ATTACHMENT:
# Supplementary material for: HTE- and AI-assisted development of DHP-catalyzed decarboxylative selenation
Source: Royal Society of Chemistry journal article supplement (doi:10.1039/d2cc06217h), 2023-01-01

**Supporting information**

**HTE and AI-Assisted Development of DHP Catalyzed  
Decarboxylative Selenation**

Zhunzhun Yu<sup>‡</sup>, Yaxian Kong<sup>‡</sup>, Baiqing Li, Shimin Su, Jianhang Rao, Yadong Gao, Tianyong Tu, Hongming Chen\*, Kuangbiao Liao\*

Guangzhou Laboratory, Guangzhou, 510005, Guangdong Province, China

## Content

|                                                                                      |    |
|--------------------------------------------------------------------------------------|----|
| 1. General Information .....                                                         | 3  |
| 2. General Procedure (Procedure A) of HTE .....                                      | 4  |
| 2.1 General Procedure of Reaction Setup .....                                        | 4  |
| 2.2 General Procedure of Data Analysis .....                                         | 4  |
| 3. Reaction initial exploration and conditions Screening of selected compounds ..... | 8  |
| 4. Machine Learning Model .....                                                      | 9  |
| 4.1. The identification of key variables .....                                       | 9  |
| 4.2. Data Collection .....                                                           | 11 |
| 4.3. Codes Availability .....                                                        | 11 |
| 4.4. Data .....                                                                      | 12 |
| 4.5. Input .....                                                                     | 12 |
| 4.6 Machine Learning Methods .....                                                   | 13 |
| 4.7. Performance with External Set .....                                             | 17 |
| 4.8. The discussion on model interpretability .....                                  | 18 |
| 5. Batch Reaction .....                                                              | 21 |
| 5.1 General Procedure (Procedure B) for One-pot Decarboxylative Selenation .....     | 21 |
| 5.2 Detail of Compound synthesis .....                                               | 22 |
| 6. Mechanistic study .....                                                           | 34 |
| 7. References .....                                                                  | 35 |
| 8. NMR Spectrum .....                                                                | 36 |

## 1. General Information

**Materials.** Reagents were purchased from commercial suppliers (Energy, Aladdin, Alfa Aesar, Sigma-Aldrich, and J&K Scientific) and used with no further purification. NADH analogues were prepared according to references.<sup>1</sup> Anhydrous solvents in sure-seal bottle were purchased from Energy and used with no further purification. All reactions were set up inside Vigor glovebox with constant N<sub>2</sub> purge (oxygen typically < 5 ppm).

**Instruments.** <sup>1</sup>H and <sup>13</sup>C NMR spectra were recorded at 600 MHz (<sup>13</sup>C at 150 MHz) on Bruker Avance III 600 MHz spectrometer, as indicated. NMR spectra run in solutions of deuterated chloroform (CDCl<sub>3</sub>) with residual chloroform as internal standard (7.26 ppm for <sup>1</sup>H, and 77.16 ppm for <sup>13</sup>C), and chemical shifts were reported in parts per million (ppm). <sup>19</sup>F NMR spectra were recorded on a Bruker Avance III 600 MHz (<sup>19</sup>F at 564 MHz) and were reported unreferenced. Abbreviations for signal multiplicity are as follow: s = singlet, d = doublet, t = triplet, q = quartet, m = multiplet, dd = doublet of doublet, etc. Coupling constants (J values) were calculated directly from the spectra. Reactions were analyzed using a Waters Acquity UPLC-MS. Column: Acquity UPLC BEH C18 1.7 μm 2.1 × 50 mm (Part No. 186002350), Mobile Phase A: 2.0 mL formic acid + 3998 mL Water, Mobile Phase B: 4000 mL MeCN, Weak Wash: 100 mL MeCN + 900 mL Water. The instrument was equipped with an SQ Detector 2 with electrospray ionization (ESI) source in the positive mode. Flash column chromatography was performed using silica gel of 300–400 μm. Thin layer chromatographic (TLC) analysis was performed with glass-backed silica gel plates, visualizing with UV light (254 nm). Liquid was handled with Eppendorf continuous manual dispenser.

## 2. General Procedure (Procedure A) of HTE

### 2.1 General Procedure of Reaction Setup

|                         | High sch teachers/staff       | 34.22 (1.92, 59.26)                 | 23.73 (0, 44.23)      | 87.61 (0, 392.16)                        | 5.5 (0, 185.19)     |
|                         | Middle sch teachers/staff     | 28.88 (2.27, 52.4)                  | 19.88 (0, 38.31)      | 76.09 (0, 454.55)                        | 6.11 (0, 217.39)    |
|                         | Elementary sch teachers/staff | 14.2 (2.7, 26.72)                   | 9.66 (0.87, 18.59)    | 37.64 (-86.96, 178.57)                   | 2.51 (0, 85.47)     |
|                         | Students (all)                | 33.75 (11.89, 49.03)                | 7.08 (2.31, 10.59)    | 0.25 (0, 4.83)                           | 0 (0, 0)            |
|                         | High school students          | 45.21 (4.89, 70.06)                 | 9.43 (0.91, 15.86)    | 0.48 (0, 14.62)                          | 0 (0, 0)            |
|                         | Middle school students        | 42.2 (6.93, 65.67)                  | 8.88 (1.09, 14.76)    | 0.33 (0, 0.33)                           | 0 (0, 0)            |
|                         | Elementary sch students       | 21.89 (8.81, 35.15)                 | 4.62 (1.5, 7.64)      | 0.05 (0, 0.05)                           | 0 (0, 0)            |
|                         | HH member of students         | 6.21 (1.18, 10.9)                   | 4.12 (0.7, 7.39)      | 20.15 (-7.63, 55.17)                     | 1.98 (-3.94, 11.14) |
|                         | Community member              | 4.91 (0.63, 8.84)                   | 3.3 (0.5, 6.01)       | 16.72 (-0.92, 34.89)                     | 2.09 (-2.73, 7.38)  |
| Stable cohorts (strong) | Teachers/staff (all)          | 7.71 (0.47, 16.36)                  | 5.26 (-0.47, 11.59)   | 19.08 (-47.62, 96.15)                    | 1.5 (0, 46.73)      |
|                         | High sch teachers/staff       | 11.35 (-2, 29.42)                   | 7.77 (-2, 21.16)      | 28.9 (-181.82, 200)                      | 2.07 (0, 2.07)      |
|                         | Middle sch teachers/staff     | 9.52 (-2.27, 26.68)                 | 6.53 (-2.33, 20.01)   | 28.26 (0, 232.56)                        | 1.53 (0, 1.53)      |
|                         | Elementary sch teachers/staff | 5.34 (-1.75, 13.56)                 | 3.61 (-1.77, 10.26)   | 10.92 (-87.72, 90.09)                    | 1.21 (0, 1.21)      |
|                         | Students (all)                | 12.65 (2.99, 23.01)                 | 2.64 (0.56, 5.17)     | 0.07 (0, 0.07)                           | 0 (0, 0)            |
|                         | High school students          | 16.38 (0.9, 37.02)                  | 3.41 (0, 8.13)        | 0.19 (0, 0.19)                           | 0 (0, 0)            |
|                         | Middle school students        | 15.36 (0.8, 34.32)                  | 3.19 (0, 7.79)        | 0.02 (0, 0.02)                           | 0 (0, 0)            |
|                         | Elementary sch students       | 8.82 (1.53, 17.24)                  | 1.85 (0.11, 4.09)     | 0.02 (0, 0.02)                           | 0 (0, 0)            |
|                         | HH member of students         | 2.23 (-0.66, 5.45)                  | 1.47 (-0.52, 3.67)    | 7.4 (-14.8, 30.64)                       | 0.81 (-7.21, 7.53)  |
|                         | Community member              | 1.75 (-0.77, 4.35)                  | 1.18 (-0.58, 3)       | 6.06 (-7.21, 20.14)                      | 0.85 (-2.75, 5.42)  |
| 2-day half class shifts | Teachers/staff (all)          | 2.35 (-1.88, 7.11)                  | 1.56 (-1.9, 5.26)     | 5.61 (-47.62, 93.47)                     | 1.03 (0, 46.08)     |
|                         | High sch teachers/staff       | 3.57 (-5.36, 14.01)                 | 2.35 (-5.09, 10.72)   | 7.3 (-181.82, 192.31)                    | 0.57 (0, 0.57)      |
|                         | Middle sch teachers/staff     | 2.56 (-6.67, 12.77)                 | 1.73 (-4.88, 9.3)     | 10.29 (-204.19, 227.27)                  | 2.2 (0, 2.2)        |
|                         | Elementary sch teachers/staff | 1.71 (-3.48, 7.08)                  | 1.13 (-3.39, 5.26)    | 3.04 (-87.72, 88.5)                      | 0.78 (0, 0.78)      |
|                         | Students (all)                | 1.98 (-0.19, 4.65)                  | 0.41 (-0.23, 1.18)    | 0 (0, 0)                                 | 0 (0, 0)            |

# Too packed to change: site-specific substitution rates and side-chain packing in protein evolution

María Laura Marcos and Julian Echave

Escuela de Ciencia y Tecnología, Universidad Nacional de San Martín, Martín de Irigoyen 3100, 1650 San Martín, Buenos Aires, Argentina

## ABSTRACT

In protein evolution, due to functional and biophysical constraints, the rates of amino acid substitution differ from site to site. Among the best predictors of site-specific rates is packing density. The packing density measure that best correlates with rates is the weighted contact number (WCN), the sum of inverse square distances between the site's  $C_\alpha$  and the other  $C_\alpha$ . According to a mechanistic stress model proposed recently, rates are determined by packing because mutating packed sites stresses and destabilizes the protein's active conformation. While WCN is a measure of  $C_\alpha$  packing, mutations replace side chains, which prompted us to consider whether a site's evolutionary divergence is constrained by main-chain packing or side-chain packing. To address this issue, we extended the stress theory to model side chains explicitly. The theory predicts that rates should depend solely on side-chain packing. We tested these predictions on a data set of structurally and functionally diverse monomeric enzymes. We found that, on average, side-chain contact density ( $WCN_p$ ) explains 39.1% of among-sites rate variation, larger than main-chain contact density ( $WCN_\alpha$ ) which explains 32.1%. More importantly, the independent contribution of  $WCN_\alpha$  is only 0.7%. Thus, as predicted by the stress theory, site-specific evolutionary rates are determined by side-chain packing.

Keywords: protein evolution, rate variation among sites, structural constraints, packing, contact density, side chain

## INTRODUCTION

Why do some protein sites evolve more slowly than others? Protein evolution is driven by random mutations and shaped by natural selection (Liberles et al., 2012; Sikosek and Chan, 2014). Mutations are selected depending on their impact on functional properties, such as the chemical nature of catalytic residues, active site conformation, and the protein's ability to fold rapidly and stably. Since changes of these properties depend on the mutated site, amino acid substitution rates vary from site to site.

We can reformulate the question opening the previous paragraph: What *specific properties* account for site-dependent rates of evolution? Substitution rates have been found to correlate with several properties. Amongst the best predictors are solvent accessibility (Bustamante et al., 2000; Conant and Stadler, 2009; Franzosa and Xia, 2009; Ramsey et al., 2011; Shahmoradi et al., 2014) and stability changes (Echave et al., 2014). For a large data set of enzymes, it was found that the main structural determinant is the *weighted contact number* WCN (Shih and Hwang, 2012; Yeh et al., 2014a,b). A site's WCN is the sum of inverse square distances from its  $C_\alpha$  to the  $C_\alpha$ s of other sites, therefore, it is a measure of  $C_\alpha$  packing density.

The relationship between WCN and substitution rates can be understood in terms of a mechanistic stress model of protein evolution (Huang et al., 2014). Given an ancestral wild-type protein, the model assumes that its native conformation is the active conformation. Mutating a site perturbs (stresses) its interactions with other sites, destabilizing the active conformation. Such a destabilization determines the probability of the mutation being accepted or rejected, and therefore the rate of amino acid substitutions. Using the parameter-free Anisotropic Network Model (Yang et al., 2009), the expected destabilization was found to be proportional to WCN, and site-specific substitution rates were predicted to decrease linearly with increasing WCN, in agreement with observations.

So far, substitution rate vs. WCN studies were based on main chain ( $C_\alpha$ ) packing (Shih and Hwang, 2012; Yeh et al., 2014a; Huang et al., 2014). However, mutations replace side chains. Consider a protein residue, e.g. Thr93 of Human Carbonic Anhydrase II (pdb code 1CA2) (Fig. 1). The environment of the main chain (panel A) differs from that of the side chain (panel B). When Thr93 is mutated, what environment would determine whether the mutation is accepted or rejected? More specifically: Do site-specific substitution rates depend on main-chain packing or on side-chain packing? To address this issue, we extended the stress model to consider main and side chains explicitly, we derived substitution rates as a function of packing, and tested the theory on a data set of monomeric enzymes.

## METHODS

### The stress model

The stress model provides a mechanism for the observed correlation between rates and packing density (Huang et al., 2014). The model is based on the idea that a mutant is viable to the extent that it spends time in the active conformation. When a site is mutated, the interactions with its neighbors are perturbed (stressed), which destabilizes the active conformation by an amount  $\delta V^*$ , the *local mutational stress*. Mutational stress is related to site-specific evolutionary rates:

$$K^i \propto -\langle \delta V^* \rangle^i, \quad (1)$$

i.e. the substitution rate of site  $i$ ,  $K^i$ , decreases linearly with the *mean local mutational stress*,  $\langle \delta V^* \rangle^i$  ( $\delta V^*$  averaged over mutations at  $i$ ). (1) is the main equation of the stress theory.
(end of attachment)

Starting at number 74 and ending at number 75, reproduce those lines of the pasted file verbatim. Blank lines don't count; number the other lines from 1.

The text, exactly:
$$K^i \propto -\langle \delta V^* \rangle^i, \quad (1)$$

i.e. the substitution rate of site  $i$ ,  $K^i$ , decreases linearly with the *mean local mutational stress*,  $\langle \delta V^* \rangle^i$  ( $\delta V^*$  averaged over mutations at  $i$ ). (1) is the main equation of the stress theory.